The Washington Post

Sons of the Sea album review: ‘Sons of the Sea’

Brandon Boyd of Sons Of The Sea will be performing in the Washington, DC area. (Brian Bowen Smith)
“Sons of the Sea”

Kindred spirits: Imagine Dragons, Incubus, the Killers

Show: Monday at the 9:30 Club. Doors open at 7 p.m. 202-265-0930. $25.

Incubus frontman Brandon Boyd’s voice is certainly recognizable in his new project, Sons of the Sea, but the two bands have little else in common. The new duo is a collaboration with Brendan O’Brien, who produced the last three Incubus records as well as recent releases by Pearl Jam, the Killers and the Fray. As a result, Sons of the Sea’s self-titled debut bears a strong pop influence, augmented by Boyd’s soaring vocals.

Above all, Boyd sounds relaxed here. The choral sounds and catchy refrain of album-opener “Jet Black Crow” create an easygoing warmth, while the piano ballad “Avalanche” nearly channels a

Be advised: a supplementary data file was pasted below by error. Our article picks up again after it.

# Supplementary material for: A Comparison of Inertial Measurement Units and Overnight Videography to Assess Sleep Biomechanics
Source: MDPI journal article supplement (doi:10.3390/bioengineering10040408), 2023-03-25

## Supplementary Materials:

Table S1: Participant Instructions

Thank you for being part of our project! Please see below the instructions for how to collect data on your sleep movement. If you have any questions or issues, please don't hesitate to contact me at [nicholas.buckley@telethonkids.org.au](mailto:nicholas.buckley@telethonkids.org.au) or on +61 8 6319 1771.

musical-theater vibe. More interestingly, the duo puts its own bouncy spin on the Leonard Cohen tune “Hey, That’s No Way to Say Goodbye.” That pervasive liveliness wears thin, however, especially on the repetitive “Space and Time” and the breezy “Where All the Songs Come From.”

Where “Sons of the Sea” may fall short for Incubus fans, though, is in its lack of tension. Only “Great Escape” demonstrates any of Incubus’s intensity or angst. The rest of the album is fleeting. Boyd’s voice works well on the shimmering pop tunes that he and O’Brien have crafted, but ultimately the album doesn’t leave much of a lasting impression.

Catherine P. Lewis



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